2.2) Again, marginalising means integrating out parameters not shown over the corresponding distribution.

@Orodruin thanks for your quick answer.

1) Concerning the descending diagonal on the right , does it represent a distribution in a frequentist sense or bayesian sense ?

We agree this diagonal represent the posterior of each parameter, i.e the probability (by integrating the surface of PDF) to have the parameter into a range (i.e, bounds of integration) knowing the data, don't we ? In my case, the data come from CAMB code which produces matter power spectrum.

2) So, assuming the fact that posteriors are represented on this diagonal, I don't understand how to introduce the notion of integration over all others parameters ?

Could you take a concrete example of integration on a posterior distribution ? (I make confusions between PDF of a random variable and the posterior of this random variable)

3) When we talk about frequentist way, I understand that marginalization is done by : ##f(x)=\int_{0}^{+\infty}f(x,y)\,\text{d}y## but I can't get to do the same wih posterior ##p(\theta|d)## (with ##p(\theta|d)=\dfrac{p(d|\theta)p(\theta)}{p(d)}## ).

Indeed, in frequentist way, we manipulate PDF when we perform integration whereas in Bayesian approach, we manipulate probability and I don't know how to handle the marginalisation of a paramater whose I only know the probability and not its PDF.

That's why I would like to give me a simple and concrete example of marginalization (in Bayesian approach) by integrating over all others parameters with the definition of posterior probability that I have written above ?

4) Unless, diagonal cases has only a Bayesian sense (posterior distribution) whereas all off-diagonal cases have a frequentist sense (i.e the representation of 2 PDF in 2D plane of parameters) ?

Sorry if the answers about these questions are evident but this is a new field for me.

Regards

Last edited:
1) There is only the Bayesian sense. In the frequentist approach there is no parameter distribution. The diagonal shows the marginalised 1D distribution. I am just saying ”distribution” because in general you can do plots like this for any distribution, whether prior or posterior.

2) What is shown in the figure are the marginalised distributions. In other words, the other parameters have already been integrated out.

3) You do not do marginalisation of parameters in the frequentist picture because you do not have probability distributions for the parameters. You can do marginalisation for any PDF, the posterior is a PDF.

4) No, you are not mixing Bayesian and frequentist. Everything is Bayesian. The off-diagonals show credible regions of the 2D marginalised distributions.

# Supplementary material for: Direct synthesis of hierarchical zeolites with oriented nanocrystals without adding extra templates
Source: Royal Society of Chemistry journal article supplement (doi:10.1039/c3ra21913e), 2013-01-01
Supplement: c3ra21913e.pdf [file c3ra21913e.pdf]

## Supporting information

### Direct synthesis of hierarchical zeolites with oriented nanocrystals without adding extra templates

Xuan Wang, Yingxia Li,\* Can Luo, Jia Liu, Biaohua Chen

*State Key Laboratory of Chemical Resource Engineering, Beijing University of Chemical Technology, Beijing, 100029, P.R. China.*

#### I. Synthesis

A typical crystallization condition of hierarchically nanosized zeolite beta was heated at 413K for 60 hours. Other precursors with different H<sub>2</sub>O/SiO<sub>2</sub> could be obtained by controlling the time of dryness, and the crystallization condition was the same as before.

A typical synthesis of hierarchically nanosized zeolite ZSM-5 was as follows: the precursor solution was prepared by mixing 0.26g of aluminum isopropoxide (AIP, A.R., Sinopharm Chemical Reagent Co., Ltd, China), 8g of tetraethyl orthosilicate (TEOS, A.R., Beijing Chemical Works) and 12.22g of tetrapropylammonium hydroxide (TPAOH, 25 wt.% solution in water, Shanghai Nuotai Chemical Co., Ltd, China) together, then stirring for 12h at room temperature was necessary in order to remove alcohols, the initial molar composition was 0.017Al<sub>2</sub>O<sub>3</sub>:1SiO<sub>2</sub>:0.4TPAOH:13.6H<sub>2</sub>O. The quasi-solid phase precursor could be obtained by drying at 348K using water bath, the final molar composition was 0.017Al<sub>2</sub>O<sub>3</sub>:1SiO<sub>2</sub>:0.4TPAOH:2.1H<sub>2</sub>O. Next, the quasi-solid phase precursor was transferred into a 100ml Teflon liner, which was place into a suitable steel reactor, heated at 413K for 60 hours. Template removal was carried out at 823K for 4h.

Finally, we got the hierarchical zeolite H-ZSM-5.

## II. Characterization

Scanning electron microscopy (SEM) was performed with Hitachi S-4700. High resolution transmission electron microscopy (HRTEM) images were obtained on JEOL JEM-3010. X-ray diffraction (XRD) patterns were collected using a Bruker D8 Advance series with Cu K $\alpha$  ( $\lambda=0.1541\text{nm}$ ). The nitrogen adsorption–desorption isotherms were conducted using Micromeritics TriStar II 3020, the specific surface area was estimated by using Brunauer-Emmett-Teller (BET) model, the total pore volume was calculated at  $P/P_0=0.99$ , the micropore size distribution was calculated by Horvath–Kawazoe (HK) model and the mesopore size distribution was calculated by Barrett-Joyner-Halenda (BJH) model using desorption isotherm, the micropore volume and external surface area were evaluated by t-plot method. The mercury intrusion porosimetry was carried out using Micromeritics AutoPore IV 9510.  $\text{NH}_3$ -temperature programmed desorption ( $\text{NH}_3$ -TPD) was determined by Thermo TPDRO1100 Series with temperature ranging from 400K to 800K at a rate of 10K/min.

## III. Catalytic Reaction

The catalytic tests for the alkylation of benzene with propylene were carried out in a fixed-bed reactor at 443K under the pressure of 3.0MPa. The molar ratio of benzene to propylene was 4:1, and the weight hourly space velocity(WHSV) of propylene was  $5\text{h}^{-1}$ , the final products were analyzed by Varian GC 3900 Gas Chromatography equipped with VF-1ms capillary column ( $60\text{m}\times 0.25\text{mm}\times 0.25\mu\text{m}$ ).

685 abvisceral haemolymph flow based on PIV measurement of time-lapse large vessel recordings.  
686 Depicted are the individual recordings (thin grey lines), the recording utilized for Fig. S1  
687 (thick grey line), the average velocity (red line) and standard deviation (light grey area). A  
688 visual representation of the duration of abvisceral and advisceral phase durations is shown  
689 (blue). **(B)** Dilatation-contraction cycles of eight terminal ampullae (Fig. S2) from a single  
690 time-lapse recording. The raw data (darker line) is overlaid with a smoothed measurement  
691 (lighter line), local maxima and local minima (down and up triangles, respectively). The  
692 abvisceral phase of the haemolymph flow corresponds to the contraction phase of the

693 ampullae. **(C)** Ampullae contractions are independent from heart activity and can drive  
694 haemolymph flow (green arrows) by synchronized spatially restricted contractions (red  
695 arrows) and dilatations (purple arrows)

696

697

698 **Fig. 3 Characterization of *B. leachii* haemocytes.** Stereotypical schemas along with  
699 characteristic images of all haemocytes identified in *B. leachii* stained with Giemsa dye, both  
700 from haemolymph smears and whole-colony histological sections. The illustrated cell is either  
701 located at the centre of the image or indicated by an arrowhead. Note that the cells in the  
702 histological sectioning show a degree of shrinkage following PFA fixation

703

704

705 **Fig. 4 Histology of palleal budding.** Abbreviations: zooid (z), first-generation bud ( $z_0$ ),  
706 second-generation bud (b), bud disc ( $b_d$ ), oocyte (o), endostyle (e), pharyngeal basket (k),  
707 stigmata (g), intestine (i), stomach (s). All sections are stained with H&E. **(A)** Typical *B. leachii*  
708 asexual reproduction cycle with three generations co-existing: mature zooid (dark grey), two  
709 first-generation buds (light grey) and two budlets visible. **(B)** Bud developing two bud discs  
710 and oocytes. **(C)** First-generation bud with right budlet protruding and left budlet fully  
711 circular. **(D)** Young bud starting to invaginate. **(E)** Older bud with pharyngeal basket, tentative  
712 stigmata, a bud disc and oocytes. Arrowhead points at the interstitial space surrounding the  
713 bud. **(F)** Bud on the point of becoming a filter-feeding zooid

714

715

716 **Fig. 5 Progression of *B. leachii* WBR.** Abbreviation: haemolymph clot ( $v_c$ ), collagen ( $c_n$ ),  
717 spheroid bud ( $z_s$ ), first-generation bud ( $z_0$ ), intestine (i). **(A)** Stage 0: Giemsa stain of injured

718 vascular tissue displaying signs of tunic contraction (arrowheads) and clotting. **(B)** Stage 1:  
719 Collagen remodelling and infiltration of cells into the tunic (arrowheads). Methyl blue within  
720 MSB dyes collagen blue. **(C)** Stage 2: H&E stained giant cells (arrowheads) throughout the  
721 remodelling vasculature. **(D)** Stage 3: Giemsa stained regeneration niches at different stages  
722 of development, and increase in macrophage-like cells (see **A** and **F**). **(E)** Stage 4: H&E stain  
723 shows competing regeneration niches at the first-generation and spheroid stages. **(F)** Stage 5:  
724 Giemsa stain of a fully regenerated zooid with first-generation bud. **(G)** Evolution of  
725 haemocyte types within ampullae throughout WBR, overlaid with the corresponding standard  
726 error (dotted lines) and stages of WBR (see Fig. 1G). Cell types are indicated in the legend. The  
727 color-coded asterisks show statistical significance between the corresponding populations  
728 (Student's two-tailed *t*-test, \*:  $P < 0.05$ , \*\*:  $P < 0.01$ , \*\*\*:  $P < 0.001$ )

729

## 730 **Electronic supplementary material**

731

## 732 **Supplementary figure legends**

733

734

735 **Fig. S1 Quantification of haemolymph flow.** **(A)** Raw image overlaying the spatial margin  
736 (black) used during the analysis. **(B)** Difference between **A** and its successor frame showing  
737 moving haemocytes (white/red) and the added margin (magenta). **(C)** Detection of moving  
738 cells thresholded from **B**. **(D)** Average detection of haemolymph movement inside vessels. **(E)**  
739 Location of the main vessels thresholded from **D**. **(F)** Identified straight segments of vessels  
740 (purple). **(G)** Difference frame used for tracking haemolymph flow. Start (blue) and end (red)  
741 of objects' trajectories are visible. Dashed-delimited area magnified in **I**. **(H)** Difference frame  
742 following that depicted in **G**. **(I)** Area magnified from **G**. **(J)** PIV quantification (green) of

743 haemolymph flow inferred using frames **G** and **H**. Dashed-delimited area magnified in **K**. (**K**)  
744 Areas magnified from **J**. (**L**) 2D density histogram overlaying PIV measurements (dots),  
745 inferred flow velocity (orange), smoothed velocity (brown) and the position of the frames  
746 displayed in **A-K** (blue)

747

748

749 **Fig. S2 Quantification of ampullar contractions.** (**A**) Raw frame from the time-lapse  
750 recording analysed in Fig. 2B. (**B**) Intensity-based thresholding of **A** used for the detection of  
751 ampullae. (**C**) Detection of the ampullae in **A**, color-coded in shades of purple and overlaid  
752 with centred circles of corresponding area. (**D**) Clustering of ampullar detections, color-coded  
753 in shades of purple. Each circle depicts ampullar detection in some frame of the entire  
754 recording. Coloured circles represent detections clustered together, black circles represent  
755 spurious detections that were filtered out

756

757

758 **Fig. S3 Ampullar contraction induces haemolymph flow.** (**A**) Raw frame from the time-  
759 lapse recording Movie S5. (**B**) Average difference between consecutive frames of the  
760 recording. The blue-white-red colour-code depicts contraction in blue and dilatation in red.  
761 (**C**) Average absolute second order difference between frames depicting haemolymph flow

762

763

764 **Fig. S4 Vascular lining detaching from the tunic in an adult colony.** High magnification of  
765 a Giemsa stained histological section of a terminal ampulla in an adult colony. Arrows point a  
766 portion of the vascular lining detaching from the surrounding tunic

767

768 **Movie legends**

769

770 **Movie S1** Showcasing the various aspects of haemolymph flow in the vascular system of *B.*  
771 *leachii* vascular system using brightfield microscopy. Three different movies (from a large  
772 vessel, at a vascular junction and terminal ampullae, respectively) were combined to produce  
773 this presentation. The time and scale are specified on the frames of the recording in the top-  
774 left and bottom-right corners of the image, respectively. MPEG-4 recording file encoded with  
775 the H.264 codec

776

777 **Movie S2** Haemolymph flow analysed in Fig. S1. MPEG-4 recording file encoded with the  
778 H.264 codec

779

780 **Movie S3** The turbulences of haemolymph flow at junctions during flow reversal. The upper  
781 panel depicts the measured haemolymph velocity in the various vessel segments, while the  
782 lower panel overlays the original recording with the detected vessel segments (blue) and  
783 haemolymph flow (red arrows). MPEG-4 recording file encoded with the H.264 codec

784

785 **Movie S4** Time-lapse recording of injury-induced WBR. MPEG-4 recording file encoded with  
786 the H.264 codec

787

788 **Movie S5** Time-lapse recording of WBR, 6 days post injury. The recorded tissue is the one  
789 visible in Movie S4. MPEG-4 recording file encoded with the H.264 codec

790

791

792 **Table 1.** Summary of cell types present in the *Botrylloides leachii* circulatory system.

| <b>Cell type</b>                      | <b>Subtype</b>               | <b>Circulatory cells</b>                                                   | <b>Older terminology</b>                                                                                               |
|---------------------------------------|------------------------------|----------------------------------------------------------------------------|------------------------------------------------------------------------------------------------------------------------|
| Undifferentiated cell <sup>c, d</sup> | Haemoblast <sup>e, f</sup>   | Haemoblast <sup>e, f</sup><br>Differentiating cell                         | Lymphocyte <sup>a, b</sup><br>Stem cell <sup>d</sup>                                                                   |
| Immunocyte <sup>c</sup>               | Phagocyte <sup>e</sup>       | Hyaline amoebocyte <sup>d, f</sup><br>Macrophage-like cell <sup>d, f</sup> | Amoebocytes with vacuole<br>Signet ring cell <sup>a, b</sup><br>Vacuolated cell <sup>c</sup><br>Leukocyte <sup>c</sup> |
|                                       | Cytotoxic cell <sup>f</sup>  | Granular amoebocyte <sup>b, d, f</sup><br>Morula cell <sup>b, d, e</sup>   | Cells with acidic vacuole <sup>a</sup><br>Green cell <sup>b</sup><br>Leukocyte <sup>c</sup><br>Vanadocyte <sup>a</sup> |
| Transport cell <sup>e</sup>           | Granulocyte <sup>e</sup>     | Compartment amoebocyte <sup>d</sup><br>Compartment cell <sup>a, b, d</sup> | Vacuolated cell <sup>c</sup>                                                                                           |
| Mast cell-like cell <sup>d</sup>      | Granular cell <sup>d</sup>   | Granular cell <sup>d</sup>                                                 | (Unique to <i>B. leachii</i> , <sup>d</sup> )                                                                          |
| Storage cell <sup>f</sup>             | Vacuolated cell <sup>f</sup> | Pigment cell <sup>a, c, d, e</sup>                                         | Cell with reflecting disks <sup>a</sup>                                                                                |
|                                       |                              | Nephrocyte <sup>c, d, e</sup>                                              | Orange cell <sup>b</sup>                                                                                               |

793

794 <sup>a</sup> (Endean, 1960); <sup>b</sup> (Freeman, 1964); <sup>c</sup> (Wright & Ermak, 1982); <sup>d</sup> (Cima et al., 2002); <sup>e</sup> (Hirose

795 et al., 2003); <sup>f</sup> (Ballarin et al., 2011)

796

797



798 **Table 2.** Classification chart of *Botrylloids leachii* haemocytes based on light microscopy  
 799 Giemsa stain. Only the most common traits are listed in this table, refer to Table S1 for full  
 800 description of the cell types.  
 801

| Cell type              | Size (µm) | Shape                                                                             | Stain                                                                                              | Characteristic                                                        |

@Orodruin : ok, thanks for your patience

1) Sorry, I didn't know that, in frequentist field, the notion of PDF (probability density function) doesn't exist.

What are the parameters which are used currently in frequentist domain : expectation, standard deviation ... ? Could you give me fundamentals and importrant parameters in this field ?

2) When you say that marginalised distribution corresponds when all other parameters have been already integrated out : for example, in the case of 2 parameters (off-diagonal cases in my figure), If I know the joint 2D probalbility ##g(x,y)## of the 2 random variables ##X## and ##Y##, can I write the marginal distribution on parameter ##X## like this ;

##f(x)=\int_{0}^{+\infty}g(x,y)\,\text{d}y##

By the way, does one say "marginal distribtion on ##X## or "marginal distribtion on ##Y## parameter ? I mean, have I to precise the parameter that I ntegrate (##Y## ?) or the paramater which is described by the PDF ##f(x)##

3) Into my case, the operation of integration that we talk about is done on the posterior (it's a PDF) :

So to marginalise , if I understand well, I compute the likelihood ##p((X,Y)|d)## and after, I integrate on ##Y## random variable ? like this ;

##p(X|d)=\dfrac{p(d|X)p(X)}{p(d)}= \int_{0}^{+\infty}\,p((X,Y)|d) \text{d}y## ? is it right ?

If this is wrong, could you give please an example of quantity that I have to integrate (posterior distribution, likelihood ...?) to get a marginalised distribution on only 1 parameter (all others have disappeared since the integration)

4) You say, that in Bayesian school of thoughts, Confidence level doesn't exist : Indeed in frequentist domain, we have the formula :

##I_{c}=\left[{\bar{x}}-t_{\alpha}{\frac{s}{\sqrt{n}}}\ ;\ {\bar{x}}+t_{\alpha}{\frac{s}{\sqrt{n}}}\right]##

which gives the interval of confidence level : What's the link between C.L interval and Credibility interval (that we find in Bayesian approach). It would be interesting to grasp these differences.